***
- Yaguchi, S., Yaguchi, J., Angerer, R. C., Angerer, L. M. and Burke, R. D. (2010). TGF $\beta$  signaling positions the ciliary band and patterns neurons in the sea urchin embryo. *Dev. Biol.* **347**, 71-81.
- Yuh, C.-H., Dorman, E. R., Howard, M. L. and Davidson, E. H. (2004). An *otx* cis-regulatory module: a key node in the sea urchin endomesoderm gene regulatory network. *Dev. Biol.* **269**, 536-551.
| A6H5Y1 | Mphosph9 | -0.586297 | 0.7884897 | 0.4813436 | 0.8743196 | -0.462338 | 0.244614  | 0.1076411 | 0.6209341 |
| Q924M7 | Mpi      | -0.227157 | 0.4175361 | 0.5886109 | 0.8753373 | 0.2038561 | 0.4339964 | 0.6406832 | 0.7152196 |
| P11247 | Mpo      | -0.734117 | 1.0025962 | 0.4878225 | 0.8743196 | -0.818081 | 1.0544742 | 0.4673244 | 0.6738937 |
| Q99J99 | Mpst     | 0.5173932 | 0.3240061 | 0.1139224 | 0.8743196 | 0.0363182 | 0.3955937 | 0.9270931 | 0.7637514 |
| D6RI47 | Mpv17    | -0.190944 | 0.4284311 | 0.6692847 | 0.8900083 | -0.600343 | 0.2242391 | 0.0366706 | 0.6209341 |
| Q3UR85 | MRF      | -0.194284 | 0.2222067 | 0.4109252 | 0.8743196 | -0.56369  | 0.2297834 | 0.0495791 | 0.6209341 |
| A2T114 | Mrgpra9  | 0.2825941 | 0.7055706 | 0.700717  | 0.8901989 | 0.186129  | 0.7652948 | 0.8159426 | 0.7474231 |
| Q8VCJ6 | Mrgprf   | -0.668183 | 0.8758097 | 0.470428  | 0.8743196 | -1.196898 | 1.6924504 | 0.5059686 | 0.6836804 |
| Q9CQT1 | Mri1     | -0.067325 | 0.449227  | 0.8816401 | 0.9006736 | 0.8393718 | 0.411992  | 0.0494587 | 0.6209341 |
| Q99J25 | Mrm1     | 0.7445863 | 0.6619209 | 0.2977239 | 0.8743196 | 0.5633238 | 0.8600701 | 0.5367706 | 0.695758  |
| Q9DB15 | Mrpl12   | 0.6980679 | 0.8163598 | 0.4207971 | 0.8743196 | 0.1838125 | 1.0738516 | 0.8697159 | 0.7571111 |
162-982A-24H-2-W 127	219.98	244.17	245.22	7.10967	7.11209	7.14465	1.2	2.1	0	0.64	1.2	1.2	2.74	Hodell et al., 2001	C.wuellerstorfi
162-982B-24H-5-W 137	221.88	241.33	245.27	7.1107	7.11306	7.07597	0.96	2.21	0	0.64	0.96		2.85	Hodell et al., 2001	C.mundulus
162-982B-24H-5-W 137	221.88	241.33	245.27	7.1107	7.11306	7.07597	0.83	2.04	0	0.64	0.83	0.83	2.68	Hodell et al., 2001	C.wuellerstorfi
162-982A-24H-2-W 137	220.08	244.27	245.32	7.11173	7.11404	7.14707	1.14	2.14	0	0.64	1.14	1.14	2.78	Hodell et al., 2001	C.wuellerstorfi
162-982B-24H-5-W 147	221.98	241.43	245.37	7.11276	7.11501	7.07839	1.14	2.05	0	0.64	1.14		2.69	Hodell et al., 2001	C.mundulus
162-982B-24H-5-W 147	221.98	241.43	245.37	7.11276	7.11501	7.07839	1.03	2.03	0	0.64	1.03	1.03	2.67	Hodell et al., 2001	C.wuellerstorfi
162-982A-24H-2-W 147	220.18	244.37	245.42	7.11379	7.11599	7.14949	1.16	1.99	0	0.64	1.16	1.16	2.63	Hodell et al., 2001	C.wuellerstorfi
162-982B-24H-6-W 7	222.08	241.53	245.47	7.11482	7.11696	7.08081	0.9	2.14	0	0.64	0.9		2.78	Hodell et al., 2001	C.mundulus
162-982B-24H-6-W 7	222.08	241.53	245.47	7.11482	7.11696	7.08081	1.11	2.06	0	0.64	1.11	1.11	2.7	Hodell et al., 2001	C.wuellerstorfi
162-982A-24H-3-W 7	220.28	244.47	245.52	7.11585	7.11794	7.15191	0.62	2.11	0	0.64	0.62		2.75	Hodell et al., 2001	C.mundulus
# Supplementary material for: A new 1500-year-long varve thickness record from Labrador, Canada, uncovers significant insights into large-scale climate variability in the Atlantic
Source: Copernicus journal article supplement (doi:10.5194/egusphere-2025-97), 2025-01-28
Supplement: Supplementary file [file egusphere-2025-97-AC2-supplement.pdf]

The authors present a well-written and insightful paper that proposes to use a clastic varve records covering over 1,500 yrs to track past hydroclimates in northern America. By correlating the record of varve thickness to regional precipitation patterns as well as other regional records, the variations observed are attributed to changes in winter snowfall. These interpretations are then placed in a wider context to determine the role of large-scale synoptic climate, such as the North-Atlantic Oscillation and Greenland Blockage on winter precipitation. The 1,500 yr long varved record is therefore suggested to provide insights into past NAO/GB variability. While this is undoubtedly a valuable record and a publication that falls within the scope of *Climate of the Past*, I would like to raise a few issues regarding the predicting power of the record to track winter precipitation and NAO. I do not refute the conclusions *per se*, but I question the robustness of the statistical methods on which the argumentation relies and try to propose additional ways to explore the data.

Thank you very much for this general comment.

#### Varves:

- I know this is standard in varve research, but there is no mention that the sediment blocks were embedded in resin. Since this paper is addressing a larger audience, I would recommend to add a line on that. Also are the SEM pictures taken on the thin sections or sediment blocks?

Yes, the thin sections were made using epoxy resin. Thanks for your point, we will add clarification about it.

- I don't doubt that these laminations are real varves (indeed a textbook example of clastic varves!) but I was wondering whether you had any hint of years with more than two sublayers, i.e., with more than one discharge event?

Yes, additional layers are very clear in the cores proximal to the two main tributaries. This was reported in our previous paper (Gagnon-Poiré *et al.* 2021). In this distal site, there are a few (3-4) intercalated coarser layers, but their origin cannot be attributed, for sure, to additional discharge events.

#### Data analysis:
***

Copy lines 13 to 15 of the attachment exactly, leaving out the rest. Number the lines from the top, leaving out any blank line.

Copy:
| Q9DB15 | Mrpl12   | 0.6980679 | 0.8163598 | 0.4207971 | 0.8743196 | 0.1838125 | 1.0738516 | 0.8697159 | 0.7571111 |
162-982A-24H-2-W 127	219.98	244.17	245.22	7.10967	7.11209	7.14465	1.2	2.1	0	0.64	1.2	1.2	2.74	Hodell et al., 2001	C.wuellerstorfi
162-982B-24H-5-W 137	221.88	241.33	245.27	7.1107	7.11306	7.07597	0.96	2.21	0	0.64	0.96		2.85	Hodell et al., 2001	C.mundulus